Micronutrients Research

Systematic review of safety and tolerability of a complex micronutrient formula used in mental health BMC Psychiatry

Systematic review of safety and tolerability of a complex micronutrient formula used in mental health.


BACKGROUND: Theoretically, consumption of complex, multinutrient formulations of vitamins and minerals should be safe, as most preparations contain primarily the nutrients that have been in the human diet for millennia, and at safe levels as defined by the Dietary Reference Intakes. However, the safety profile of commercial formulae may differ from foods because of the amounts and combinations of nutrients they contain. As these complex formulae are being studied and used clinically with increasing frequency, there is a need for direct evaluation of safety and tolerability. METHODS: All known safety and tolerability data collected on one complex nutrient formula was compiled and evaluated. RESULTS: Data were assembled from all the known published and unpublished studies for the complex formula with the largest amount of published research in mental health. Biological safety data from 144 children and adults were available from six sources: there were no occurrences of clinically meaningful negative outcomes/effects or abnormal blood tests that could be attributed to toxicity. Adverse event (AE) information from 157 children and adults was available from six studies employing the current version of this formula, and only minor, transitory reports of headache and nausea emerged. Only one of the studies permitted a direct comparison between micronutrient treatment and medication: none of the 88 pediatric and adult participants had any clinically meaningful abnormal laboratory values, but tolerability data in the group treated with micronutrients revealed significantly fewer AEs and less weight gain. CONCLUSIONS: This compilation of safety and tolerability data is reassuring with respect to the broad spectrum approach that employs complex nutrient formulae as a primary treatment.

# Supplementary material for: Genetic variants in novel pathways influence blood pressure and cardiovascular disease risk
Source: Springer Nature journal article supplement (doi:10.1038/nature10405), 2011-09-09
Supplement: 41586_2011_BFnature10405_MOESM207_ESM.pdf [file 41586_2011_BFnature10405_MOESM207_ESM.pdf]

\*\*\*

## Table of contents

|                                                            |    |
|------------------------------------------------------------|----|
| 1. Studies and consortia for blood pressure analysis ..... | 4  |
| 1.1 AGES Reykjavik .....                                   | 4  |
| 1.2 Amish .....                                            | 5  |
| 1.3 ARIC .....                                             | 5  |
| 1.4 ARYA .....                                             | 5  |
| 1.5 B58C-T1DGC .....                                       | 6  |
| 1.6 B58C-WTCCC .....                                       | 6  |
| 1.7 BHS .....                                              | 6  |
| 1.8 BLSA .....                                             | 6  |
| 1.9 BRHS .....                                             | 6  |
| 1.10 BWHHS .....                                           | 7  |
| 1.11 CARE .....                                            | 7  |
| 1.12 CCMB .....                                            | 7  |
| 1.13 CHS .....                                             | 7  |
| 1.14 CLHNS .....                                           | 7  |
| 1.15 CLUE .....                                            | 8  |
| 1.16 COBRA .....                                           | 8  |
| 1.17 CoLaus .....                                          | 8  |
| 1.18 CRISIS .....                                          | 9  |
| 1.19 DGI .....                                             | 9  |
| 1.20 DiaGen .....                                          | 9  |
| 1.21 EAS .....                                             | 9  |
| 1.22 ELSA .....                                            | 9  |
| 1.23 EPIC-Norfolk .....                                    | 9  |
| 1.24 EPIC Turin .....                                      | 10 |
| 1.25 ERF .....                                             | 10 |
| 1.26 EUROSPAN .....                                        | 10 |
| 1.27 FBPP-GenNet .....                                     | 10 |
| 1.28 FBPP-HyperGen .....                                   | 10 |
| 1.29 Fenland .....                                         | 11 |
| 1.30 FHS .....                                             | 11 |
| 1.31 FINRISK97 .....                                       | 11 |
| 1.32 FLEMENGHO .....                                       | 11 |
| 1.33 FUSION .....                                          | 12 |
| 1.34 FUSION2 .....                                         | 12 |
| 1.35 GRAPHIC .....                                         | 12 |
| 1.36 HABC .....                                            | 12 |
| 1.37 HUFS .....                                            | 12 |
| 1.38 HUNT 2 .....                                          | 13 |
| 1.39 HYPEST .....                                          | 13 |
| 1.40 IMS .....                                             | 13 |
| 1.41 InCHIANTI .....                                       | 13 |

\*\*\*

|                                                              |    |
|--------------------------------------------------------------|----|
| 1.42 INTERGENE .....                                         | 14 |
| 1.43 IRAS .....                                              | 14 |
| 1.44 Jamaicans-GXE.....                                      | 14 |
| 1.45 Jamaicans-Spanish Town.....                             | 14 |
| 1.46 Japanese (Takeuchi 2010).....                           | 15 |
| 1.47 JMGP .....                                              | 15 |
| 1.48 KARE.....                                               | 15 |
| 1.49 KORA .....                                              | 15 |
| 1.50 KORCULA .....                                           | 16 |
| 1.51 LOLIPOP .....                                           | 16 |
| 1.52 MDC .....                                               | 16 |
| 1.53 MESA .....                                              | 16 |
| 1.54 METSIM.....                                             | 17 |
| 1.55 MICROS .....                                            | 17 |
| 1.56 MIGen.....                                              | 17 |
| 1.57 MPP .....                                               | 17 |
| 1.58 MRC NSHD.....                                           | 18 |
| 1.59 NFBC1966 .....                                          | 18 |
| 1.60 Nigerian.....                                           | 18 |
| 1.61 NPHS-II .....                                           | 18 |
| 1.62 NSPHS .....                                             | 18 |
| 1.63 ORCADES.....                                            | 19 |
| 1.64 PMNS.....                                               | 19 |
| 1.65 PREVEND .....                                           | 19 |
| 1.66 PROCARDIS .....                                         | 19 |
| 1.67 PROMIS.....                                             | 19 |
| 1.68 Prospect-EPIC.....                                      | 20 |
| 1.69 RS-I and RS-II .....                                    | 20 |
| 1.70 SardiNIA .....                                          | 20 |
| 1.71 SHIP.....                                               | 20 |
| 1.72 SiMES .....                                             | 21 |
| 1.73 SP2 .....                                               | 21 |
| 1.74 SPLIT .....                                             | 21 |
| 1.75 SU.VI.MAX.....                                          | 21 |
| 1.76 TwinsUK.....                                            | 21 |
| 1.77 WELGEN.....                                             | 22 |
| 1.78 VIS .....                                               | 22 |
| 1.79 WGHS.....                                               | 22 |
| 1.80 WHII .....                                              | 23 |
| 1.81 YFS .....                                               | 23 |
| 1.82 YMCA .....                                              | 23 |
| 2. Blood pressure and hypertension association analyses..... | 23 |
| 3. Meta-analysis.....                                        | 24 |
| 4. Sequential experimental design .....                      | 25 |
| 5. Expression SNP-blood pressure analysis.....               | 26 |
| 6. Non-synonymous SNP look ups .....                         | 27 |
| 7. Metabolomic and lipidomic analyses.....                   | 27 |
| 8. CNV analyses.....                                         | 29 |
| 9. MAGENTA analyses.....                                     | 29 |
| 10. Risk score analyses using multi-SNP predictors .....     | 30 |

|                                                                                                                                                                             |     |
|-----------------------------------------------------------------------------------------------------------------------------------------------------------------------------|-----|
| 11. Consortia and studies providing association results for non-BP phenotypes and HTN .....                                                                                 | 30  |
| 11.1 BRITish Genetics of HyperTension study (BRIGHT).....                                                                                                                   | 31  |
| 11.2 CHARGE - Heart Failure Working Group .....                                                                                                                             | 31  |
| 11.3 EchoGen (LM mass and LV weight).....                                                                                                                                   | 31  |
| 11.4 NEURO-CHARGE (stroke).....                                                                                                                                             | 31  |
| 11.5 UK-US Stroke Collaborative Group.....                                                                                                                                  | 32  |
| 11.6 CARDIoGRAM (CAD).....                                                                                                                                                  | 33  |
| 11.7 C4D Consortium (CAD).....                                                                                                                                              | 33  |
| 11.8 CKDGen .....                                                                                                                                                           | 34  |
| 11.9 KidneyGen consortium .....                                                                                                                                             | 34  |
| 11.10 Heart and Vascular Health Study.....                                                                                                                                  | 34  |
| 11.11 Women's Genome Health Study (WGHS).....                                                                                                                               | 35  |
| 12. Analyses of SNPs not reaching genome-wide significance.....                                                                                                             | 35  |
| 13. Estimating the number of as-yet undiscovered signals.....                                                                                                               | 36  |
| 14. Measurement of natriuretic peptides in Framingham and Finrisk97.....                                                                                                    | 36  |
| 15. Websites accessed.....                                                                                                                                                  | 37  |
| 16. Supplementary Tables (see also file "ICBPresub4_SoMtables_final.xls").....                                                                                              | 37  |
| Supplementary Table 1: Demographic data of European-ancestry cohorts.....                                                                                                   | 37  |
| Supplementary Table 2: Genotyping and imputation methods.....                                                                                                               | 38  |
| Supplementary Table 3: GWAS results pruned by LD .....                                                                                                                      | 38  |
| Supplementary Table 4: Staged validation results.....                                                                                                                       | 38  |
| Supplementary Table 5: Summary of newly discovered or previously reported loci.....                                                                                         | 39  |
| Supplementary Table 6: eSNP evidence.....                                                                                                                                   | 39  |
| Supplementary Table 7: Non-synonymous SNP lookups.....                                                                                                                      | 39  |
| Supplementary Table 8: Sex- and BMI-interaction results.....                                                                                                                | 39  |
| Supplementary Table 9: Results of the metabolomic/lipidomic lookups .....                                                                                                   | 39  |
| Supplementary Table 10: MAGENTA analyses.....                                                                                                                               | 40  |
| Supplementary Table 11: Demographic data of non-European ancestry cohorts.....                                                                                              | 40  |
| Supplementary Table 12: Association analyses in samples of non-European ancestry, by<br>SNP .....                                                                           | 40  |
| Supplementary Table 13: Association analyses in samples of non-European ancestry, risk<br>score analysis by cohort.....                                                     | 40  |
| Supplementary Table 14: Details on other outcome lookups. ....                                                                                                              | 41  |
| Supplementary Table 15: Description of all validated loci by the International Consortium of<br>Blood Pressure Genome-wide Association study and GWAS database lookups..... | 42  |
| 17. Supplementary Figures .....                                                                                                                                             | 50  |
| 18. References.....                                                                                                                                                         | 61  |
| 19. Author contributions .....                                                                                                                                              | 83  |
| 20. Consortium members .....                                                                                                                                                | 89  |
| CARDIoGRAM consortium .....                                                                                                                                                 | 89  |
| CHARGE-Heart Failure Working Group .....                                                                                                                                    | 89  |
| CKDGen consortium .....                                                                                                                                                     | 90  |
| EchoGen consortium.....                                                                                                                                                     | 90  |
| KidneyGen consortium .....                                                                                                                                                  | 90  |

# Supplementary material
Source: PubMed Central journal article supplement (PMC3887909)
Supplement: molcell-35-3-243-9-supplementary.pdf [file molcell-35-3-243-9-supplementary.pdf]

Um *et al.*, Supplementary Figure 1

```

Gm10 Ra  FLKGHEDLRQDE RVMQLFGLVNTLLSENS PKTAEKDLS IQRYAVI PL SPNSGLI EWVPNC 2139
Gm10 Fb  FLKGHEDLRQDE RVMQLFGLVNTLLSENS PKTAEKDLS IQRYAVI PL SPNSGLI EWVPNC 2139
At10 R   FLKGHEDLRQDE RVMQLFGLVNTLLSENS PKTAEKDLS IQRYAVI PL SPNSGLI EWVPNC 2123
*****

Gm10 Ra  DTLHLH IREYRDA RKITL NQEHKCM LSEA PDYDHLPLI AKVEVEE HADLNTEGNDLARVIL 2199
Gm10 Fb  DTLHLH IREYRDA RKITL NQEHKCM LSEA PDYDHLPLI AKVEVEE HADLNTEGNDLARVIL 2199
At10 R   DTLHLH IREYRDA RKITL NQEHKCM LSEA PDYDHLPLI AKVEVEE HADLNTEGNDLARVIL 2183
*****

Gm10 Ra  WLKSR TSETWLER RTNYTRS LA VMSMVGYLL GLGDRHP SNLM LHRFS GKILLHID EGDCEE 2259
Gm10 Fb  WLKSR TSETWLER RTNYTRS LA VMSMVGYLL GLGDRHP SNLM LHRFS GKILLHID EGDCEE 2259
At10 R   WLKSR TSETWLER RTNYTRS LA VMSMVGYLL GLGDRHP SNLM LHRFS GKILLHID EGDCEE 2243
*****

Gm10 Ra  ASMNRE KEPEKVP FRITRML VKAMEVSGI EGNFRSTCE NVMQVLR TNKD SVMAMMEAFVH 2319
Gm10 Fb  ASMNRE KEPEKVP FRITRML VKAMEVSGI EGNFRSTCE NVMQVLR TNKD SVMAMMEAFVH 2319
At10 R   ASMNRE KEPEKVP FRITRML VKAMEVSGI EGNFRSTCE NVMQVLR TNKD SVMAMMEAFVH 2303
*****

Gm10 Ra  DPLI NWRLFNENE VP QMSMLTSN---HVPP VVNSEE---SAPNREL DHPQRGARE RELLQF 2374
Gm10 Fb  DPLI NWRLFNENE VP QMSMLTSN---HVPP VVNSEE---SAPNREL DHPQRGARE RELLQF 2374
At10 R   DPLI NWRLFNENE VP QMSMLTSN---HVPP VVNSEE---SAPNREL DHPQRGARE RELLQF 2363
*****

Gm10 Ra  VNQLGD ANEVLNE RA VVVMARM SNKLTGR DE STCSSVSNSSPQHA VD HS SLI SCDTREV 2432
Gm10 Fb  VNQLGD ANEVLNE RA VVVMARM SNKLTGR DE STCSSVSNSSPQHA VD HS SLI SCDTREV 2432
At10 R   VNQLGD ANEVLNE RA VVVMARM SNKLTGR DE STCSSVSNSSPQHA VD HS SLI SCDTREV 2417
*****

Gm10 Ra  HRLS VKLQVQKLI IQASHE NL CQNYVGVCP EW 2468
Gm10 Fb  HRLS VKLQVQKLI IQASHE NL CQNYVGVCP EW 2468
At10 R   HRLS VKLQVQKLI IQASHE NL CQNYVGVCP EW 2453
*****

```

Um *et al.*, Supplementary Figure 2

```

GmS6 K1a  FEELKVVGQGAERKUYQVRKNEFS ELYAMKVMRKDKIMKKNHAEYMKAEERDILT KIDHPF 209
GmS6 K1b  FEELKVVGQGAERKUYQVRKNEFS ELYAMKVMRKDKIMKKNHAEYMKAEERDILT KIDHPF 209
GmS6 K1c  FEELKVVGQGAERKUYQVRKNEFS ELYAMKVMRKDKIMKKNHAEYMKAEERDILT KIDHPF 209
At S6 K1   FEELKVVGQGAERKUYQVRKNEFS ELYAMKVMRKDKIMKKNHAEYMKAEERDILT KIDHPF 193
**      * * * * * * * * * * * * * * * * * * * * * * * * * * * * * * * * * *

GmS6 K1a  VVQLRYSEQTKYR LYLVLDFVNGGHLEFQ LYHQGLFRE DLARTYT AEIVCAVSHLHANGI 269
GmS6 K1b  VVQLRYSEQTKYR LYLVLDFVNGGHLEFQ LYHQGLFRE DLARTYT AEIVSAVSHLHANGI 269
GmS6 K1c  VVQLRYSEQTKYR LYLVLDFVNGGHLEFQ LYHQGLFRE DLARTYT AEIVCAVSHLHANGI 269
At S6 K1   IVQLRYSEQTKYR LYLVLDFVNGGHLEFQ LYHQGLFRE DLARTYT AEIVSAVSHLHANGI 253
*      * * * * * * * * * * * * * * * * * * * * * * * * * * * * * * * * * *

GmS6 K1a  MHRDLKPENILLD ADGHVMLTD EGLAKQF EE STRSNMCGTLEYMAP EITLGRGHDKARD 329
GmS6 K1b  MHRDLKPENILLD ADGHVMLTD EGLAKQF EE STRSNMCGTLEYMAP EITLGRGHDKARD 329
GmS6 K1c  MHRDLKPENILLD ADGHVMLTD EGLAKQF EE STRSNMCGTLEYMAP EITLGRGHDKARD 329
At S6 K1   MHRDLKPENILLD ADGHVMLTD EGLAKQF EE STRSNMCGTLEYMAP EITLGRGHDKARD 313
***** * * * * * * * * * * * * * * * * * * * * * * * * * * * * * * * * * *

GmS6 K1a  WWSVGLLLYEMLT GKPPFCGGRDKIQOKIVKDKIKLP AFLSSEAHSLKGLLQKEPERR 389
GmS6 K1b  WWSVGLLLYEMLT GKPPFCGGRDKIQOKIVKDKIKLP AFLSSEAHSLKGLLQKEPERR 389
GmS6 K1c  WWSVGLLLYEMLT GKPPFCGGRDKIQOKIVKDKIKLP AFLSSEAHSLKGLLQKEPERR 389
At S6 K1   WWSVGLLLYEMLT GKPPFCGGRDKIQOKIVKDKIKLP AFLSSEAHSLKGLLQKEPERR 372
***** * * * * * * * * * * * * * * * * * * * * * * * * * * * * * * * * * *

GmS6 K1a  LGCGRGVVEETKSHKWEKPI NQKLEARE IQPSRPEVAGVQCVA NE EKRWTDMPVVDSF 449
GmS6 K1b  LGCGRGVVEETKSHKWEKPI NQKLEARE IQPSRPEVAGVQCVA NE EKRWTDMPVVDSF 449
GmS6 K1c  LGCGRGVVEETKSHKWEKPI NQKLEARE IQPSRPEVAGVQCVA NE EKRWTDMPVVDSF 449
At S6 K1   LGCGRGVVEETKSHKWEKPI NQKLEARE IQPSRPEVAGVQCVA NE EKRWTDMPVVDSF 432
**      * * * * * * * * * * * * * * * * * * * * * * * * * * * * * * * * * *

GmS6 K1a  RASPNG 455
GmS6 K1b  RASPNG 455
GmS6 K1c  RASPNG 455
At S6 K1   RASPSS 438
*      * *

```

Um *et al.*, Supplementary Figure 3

Simpson JS, Crawford SG, Goldstein ET, Field C, Burgess E, Kaplan BJ:


BMC Psychiatry 11:62, 2011 21501484



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